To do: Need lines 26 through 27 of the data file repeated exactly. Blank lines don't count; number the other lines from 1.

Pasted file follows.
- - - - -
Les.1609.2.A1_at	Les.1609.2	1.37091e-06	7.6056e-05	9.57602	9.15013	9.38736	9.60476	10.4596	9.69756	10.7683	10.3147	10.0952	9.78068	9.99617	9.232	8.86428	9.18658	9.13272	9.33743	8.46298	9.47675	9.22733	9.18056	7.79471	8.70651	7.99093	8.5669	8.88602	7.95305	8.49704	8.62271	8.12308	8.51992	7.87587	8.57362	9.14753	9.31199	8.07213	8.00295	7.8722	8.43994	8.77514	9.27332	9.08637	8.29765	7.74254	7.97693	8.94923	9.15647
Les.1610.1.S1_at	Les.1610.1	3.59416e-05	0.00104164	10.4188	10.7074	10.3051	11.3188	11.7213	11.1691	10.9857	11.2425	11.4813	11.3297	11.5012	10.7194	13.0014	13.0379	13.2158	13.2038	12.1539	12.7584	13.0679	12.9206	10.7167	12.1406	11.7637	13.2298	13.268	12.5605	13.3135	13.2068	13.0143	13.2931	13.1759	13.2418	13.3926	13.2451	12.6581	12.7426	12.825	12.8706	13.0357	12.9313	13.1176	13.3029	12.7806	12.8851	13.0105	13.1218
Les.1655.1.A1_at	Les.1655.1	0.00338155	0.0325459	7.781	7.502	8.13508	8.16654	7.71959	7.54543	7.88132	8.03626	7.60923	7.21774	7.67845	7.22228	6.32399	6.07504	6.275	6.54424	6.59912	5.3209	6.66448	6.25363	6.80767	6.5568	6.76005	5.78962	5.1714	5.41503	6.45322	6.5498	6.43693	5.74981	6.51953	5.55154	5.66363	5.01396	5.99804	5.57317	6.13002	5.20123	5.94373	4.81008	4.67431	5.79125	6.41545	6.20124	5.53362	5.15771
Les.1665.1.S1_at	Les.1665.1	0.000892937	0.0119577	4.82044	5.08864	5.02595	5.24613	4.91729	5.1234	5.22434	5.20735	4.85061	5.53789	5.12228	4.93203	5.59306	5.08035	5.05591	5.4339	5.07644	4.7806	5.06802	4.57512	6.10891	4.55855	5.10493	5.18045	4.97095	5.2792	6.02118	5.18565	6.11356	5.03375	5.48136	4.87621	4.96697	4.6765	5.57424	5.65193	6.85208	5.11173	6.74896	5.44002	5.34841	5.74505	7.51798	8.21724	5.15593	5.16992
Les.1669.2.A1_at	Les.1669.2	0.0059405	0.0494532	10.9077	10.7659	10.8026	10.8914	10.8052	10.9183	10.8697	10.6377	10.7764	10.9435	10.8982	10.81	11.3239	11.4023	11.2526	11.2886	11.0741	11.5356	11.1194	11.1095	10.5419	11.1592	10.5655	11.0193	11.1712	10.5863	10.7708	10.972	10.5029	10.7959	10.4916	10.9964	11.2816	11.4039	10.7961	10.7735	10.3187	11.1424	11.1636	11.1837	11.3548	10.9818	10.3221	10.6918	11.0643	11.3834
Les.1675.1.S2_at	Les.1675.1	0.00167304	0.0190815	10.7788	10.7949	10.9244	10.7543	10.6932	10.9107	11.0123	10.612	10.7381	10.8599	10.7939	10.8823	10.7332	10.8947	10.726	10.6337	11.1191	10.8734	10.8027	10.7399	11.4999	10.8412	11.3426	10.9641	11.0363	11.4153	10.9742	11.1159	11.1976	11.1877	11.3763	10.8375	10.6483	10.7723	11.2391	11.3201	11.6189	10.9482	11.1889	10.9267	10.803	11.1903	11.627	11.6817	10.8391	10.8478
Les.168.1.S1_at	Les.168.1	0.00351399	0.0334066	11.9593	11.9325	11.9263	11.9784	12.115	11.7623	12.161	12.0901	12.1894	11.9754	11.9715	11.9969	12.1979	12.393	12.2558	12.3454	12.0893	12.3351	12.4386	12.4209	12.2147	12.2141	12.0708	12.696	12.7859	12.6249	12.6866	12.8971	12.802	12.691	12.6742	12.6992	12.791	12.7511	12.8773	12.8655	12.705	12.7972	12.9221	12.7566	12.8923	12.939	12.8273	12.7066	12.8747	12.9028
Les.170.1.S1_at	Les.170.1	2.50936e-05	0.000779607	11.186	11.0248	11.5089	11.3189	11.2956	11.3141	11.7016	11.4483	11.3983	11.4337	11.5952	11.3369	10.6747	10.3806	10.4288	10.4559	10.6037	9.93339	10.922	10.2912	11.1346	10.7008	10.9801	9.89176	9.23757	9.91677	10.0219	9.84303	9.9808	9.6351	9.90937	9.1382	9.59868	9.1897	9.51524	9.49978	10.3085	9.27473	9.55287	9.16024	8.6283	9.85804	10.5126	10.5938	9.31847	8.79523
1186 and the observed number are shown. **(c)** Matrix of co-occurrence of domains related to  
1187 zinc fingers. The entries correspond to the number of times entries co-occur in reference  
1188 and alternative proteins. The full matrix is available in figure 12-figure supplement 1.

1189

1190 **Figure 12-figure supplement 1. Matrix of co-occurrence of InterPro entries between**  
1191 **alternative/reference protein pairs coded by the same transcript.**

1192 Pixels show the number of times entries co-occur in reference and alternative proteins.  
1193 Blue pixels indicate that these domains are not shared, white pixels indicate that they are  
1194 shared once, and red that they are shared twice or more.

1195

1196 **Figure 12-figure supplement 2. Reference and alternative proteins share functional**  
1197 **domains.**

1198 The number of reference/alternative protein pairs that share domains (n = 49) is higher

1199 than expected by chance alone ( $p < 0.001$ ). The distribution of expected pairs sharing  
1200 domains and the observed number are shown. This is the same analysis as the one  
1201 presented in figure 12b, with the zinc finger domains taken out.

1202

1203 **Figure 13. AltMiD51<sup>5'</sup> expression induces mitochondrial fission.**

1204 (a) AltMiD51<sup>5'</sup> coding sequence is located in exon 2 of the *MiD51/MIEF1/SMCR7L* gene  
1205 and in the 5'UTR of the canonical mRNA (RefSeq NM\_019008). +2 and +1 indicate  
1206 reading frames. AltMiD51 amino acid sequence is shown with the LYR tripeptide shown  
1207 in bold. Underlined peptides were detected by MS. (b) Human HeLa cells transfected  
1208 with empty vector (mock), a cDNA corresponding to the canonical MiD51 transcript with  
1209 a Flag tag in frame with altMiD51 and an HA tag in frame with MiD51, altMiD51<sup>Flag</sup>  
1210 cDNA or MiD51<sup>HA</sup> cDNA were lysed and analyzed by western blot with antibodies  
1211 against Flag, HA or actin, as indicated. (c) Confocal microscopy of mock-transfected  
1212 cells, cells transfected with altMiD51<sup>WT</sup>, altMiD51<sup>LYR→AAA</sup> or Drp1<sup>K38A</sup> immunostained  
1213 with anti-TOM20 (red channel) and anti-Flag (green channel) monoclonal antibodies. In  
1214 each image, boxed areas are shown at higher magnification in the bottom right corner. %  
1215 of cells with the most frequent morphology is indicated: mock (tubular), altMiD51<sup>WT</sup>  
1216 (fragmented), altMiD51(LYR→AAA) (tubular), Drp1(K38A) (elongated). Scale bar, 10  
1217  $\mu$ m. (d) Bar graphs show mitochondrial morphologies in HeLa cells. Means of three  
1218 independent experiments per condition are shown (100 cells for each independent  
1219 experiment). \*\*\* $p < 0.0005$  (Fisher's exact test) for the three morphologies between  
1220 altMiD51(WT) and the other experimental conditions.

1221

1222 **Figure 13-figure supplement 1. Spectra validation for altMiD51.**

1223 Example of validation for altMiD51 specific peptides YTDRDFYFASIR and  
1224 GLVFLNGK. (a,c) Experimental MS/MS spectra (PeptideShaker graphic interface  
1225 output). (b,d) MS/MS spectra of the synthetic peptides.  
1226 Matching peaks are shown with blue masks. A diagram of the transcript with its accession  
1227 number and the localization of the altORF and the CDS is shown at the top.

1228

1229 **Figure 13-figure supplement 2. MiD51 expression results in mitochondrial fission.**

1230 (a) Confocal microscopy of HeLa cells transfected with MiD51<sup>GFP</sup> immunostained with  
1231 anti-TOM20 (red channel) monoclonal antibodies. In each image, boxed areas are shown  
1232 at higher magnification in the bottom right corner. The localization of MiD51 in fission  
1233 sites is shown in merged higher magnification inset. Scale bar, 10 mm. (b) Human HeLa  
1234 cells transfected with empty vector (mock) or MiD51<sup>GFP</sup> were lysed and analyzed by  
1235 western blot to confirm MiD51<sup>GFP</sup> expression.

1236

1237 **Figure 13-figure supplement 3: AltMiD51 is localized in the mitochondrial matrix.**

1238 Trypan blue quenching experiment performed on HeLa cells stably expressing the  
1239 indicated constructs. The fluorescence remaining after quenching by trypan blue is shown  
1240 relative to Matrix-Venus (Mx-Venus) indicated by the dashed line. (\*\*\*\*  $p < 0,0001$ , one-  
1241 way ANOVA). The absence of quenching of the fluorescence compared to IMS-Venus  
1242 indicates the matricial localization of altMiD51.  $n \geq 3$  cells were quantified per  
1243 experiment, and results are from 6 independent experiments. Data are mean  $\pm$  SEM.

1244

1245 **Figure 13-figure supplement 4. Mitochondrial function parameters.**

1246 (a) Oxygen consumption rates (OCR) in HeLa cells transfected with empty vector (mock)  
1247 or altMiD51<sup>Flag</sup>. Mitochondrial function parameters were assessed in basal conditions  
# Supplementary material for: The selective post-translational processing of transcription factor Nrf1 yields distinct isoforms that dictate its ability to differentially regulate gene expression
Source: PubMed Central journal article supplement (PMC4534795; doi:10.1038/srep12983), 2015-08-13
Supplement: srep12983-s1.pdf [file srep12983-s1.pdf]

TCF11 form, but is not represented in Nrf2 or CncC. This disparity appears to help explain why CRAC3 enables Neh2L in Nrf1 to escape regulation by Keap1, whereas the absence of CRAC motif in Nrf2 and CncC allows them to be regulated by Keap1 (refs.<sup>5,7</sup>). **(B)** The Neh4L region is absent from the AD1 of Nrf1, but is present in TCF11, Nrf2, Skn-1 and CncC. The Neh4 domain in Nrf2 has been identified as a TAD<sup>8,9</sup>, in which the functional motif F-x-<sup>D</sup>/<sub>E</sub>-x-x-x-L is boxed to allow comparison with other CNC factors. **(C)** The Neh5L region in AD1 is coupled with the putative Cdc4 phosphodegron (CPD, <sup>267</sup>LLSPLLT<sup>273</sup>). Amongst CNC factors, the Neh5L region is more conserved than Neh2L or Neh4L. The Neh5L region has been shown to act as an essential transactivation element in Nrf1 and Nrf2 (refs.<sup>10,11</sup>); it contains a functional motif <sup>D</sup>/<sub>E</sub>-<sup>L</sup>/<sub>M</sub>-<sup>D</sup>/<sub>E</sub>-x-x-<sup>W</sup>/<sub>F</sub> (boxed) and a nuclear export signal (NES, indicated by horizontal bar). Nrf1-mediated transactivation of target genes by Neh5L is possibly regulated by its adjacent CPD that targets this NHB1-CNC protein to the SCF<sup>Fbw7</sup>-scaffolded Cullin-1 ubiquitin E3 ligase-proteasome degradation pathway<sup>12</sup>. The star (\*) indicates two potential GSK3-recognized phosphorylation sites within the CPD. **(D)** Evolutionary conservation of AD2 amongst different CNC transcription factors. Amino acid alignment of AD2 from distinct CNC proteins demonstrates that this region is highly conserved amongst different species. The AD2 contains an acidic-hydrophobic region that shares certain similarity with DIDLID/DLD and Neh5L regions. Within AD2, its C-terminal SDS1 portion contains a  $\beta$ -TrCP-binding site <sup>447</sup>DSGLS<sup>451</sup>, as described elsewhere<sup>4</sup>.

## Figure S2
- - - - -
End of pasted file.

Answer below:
1203 **Figure 13. AltMiD51<sup>5'</sup> expression induces mitochondrial fission.**

1204 (a) AltMiD51<sup>5'</sup> coding sequence is located in exon 2 of the *MiD51/MIEF1/SMCR7L* gene  